Evidently, Oslo isn’t oblivious to the natural wine movement bourgeoning across the globe. Brutus is situated behind the Oslo city jail, a mysterious setting for a delicious hermitage of smoked and fermented plates. Flatkokur, or Icelandic flatbread, is not to be missed. Fans of fish roe will be mind blown by the enormity of lumpfish eggs accompanied by cheese and cress. Craving for even more fresh and raw? The whale tartare with poached egg is a creative blend of culture plus nature. The wine selection here is an obvious choice, but a Norwegian apple cider is also a nice way to commence the meal.
Modern twists on paper lanterns and origami lamps complete the Asian-inspired setting at Happolati, located at a former National Hospital established in 1872. Two set menus feature Norway’s fresh seafood delivered with Japanese techniques and rich flavors. Oysters covered with tempura, pork rinds paired with kimchi are just a few favorites in an all-star lineup of Norway’s oceanic landscape. Most of the recommended restaurants in Oslo serve Norwegian cuisine, hence Happolati is an excellent switch for a different cultural base.
Sentralen will make vegetarians incredibly satiated with its menu dominated by an array of fresh legumes. The building’s owner, Savings Bank Foundation DNB, conducted a massive makeover to the restaurant’s edifice, remodeling an old bank into a cultural center. Sentralen is also another Norwegian restaurant collaborating solely with sustainable suppliers. Break open the king crab for a juicy bite, while pairing it with a fine glass of natural wine from an excellent selection of biodynamic and organic bottles. The ambiance is casual, making shareable plates even more delightful.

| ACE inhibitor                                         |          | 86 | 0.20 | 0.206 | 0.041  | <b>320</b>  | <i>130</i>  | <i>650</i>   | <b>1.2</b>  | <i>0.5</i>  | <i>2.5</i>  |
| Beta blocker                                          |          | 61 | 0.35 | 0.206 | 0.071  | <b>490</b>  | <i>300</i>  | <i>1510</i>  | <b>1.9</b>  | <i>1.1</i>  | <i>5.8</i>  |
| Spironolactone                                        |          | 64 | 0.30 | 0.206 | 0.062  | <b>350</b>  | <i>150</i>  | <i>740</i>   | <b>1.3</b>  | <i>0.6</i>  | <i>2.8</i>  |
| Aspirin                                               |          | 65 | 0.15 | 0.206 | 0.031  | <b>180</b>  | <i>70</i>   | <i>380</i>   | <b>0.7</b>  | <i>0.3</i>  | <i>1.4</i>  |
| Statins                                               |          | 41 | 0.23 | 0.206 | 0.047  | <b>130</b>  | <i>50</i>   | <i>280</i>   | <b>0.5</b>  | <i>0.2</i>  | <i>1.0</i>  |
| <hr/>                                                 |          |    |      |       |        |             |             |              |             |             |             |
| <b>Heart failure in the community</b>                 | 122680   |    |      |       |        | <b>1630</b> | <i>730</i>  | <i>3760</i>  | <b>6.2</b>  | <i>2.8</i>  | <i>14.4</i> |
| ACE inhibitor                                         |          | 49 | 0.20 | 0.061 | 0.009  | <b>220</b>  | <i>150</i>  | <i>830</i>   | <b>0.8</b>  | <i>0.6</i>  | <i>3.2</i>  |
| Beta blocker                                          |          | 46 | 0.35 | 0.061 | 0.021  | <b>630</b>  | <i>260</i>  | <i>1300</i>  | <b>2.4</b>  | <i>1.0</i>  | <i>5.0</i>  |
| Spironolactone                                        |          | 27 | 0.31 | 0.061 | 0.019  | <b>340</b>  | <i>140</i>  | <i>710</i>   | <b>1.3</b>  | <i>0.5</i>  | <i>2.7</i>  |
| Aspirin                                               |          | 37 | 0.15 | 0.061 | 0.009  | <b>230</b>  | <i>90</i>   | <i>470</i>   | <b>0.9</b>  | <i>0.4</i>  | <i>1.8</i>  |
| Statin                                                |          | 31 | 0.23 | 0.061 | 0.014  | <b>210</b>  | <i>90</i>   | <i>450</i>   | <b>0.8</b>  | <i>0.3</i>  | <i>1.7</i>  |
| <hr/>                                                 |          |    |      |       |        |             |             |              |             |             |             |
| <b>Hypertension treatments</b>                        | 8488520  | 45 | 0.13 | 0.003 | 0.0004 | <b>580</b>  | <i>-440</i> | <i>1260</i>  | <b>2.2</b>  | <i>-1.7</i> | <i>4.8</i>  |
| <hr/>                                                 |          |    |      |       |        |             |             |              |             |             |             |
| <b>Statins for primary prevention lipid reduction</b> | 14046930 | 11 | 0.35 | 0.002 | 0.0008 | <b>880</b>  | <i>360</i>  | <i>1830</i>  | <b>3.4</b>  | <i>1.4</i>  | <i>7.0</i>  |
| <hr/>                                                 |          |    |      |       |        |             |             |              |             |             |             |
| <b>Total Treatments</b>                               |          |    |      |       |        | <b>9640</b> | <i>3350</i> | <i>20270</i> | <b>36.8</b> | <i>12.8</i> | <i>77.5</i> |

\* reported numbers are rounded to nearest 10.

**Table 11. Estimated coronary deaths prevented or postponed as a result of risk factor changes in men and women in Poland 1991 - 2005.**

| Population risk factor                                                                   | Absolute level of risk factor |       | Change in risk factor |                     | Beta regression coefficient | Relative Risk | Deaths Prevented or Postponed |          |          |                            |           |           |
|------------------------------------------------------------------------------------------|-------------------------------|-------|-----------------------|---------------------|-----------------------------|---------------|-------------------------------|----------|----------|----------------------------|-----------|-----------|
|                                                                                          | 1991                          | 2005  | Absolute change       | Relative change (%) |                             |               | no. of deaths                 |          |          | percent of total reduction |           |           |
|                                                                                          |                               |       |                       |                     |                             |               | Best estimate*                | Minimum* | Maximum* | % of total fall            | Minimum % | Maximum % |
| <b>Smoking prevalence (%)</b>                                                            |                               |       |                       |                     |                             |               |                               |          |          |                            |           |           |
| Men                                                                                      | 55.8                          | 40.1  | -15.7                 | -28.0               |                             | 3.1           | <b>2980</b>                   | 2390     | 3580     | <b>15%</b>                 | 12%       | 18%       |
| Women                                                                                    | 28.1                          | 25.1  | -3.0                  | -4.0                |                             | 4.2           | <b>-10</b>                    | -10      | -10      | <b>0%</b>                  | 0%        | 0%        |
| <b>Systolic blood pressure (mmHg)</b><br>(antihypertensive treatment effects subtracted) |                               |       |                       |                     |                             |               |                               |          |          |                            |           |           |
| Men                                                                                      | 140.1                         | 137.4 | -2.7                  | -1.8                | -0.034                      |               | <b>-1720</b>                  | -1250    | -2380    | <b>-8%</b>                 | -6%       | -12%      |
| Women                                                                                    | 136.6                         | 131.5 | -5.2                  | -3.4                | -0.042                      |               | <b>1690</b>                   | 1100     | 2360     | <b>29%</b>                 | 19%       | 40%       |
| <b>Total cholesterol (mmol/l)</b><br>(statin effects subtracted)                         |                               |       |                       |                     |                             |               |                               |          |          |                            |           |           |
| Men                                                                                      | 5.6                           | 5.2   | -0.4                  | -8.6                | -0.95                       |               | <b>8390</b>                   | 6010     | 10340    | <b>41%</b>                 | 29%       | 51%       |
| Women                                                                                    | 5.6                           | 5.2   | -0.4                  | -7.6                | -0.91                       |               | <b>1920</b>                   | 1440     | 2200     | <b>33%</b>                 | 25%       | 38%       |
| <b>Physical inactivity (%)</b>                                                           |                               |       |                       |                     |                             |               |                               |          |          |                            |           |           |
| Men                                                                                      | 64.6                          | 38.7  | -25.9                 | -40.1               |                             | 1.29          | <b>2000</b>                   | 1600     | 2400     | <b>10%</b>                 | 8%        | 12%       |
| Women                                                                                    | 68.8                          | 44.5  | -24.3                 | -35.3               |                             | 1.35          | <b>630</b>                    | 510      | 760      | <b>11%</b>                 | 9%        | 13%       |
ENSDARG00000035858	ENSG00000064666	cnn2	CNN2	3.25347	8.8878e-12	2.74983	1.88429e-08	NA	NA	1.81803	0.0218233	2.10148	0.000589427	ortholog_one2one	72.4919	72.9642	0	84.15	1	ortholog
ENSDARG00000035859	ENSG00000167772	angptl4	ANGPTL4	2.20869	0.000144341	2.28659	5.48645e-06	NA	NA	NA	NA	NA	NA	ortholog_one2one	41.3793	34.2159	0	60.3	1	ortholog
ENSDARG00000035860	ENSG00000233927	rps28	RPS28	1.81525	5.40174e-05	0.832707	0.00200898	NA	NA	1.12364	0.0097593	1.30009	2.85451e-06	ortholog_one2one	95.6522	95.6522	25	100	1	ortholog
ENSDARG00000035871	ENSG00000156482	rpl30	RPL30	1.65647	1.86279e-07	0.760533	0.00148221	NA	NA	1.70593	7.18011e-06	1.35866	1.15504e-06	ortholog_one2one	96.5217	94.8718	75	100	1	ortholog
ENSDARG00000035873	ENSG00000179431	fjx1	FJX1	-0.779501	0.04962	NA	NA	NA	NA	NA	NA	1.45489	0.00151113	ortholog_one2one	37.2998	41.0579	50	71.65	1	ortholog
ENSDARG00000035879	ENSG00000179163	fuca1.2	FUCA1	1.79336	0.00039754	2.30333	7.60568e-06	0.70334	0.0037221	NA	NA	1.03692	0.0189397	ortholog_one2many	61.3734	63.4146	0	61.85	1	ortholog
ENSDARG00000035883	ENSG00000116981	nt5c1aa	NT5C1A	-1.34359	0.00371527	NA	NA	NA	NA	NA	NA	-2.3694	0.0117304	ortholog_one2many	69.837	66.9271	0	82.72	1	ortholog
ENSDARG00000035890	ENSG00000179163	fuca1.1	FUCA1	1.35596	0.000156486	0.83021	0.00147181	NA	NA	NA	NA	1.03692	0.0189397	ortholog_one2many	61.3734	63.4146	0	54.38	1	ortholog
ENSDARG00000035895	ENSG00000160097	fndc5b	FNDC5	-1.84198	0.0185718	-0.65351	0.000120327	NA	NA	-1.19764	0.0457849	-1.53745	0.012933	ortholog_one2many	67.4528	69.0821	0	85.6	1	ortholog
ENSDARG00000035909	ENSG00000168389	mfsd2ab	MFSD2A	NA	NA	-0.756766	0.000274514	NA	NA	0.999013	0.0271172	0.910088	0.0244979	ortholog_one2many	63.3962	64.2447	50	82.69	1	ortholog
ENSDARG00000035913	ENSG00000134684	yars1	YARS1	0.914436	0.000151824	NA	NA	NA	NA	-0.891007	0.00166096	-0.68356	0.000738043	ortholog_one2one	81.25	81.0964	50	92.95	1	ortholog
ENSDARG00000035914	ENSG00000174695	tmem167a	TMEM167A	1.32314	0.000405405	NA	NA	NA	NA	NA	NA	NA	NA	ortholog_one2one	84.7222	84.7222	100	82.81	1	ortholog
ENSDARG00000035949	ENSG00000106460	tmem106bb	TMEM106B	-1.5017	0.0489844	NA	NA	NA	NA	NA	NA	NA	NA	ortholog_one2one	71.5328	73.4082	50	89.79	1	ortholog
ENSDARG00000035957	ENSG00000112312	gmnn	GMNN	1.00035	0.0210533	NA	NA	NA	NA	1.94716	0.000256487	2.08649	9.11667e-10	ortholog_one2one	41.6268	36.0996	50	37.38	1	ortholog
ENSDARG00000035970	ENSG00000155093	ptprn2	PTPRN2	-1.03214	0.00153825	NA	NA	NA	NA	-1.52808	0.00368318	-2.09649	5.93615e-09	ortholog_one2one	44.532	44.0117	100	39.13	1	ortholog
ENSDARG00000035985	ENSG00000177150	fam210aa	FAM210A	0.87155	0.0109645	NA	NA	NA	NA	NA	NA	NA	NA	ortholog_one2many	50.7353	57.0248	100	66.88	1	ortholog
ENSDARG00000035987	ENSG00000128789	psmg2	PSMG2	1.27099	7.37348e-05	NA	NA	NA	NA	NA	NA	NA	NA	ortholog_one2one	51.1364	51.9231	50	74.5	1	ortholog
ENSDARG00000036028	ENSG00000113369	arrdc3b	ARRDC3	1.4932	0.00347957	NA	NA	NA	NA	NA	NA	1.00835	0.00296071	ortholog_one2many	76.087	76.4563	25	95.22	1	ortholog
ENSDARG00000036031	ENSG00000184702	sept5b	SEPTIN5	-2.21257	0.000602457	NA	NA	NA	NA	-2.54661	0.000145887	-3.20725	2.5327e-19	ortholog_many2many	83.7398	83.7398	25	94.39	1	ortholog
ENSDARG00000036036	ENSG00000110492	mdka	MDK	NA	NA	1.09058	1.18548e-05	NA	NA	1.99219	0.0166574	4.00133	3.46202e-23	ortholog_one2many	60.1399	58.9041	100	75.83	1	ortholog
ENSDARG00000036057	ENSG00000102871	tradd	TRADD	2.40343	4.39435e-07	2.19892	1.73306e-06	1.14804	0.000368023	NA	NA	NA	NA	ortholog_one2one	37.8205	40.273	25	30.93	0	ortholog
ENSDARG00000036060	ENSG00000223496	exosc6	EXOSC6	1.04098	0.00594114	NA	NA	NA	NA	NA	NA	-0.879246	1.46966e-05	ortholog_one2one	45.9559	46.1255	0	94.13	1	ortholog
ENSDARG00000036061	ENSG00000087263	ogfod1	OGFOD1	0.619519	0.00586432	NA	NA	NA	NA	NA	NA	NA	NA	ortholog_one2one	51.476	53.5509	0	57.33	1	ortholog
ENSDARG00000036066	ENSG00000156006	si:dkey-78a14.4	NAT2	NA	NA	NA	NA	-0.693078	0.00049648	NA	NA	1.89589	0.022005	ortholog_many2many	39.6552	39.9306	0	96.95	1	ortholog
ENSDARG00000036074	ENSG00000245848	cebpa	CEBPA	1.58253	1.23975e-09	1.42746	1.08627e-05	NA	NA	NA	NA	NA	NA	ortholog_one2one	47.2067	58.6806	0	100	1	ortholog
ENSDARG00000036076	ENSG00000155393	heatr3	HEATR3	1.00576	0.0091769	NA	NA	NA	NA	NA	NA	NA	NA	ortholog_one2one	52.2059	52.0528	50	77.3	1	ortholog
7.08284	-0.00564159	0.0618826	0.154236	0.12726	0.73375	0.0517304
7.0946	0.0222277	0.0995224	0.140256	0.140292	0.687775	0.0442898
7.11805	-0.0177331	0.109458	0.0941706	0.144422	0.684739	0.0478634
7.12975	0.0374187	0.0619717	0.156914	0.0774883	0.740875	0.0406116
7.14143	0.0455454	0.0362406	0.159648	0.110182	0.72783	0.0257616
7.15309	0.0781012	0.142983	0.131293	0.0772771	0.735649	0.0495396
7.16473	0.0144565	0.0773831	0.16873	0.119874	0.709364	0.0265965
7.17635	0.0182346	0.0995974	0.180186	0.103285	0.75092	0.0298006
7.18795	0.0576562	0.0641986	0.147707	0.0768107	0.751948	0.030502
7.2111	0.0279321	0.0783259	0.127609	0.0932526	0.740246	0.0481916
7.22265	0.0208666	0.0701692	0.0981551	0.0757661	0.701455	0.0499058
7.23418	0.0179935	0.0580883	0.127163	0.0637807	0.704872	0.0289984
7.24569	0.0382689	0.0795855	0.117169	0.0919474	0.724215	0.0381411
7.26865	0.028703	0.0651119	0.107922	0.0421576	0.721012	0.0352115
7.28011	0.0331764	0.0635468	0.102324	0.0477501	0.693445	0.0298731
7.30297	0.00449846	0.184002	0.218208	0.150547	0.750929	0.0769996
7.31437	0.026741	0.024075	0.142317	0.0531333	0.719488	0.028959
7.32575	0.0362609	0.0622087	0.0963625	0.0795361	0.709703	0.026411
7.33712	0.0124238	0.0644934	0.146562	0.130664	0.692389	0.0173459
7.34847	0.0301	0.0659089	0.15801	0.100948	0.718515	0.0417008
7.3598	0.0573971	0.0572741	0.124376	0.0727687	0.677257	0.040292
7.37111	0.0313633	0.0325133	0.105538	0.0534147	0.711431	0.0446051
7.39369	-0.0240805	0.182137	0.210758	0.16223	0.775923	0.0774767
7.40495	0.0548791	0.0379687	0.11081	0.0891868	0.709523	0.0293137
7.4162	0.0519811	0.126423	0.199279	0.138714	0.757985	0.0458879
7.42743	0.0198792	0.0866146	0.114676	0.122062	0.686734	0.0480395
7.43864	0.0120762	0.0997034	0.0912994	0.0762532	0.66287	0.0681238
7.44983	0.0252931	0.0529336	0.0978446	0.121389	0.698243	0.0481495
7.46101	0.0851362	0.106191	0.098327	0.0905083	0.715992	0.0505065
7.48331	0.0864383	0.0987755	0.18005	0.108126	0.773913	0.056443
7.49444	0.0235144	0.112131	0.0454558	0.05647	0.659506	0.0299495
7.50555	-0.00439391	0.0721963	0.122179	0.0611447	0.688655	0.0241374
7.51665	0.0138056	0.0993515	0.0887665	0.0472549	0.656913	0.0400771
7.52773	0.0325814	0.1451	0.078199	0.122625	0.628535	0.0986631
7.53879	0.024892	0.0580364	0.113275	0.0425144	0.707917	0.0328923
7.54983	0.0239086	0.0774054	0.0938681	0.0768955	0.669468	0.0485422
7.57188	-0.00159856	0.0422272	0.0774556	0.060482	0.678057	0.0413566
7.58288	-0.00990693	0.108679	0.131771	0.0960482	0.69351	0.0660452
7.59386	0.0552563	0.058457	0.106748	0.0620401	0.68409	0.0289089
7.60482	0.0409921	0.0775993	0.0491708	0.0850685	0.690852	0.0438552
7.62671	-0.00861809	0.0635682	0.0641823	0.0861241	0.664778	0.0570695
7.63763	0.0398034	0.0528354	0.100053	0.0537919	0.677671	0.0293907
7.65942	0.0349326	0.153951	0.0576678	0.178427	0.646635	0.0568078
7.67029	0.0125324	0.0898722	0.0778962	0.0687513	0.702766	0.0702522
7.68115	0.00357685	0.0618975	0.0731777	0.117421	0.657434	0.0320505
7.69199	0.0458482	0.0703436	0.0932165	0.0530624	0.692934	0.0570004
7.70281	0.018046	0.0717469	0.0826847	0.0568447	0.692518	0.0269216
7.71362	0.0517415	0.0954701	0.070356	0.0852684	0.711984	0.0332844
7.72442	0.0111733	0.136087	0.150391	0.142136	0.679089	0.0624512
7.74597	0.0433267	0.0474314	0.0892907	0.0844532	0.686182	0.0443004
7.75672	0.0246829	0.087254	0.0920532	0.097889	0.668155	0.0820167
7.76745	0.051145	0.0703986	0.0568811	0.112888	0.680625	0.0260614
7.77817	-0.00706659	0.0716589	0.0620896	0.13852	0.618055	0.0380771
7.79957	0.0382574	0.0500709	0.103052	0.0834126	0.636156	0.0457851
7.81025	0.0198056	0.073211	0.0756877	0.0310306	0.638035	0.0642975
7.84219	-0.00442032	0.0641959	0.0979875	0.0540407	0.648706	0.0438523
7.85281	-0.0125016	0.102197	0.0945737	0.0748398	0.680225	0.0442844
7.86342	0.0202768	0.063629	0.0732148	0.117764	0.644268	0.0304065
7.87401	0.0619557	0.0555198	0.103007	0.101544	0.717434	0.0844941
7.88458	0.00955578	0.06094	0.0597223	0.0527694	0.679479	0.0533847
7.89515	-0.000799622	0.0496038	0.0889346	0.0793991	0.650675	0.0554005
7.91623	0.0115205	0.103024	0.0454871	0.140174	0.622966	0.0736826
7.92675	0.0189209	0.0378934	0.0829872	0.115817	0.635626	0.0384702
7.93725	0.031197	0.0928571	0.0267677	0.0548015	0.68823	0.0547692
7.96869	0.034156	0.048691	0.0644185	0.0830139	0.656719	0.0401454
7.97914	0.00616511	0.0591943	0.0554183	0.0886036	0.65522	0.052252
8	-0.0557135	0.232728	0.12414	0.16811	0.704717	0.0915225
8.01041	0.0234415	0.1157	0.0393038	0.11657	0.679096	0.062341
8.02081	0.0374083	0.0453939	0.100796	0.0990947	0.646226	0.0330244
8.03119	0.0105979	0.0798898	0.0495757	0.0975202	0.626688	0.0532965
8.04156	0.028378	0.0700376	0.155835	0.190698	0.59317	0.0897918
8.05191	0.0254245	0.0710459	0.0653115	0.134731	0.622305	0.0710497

Recommended by locals, W.B. Samson Bakery serves up the best cinnamon buns in the city. Its history goes back to 1894 when Wilhelm Bismark Samson opened his first bakery at Egertorget, where pastries were sold for 2-3 cents. Today, the popular chain is run by the fourth and fifth generation of bakers continuing the family business. There are several locations throughout Oslo, but grab a few to try a sweet array of traditional pastries. The one in Grünerløkka serves pizza, wine and beer in the evenings.
Gamle rådhus is one of the oldest buildings in Oslo, protected by Norwegian Directorate for Cultural Heritage. Built in 1641, Gamle rådhus was the first town hall in the city. Today, it’s a Norwegian restaurant serving quintessential dishes, including: lutefisk (air-dried whitefish, pickled in lye) and reindeer. The interior’s amber and dark wood color-palette brings to mind Norway’s royal history. It parallels the restaurant’s mission to chronicle King Christian IV’s vision in a classical way. Tourists may overtake the dining scene, but Gamle rådhus is one of the most historical restaurants in Oslo – a throwback experience after a few hours of strolling through Old Town.
Either you have millions of dollars to spend or merely a few bucks, a trip in Scandinavia wouldn’t be complete without a stop at Max Burgers. Founded in Sweden as the country’s first hamburger chain, Max is the only franchise to outcompete McDonald’s in the region. Since burgers are made-to-order, the wait might take longer than other fast food restaurants. Its climate-positive menu is an added draw, Max’s burgers have 110% of their climate emissions offset. In addition to planting trees that absorb and store carbon dioxide from the atmosphere as they grow, Max goes further to capture the carbon dioxide equivalent of another 10% of their emissions to help reduce the overall levels of greenhouse gases in the atmosphere. This means, your late-night grub actually helps fight climate change.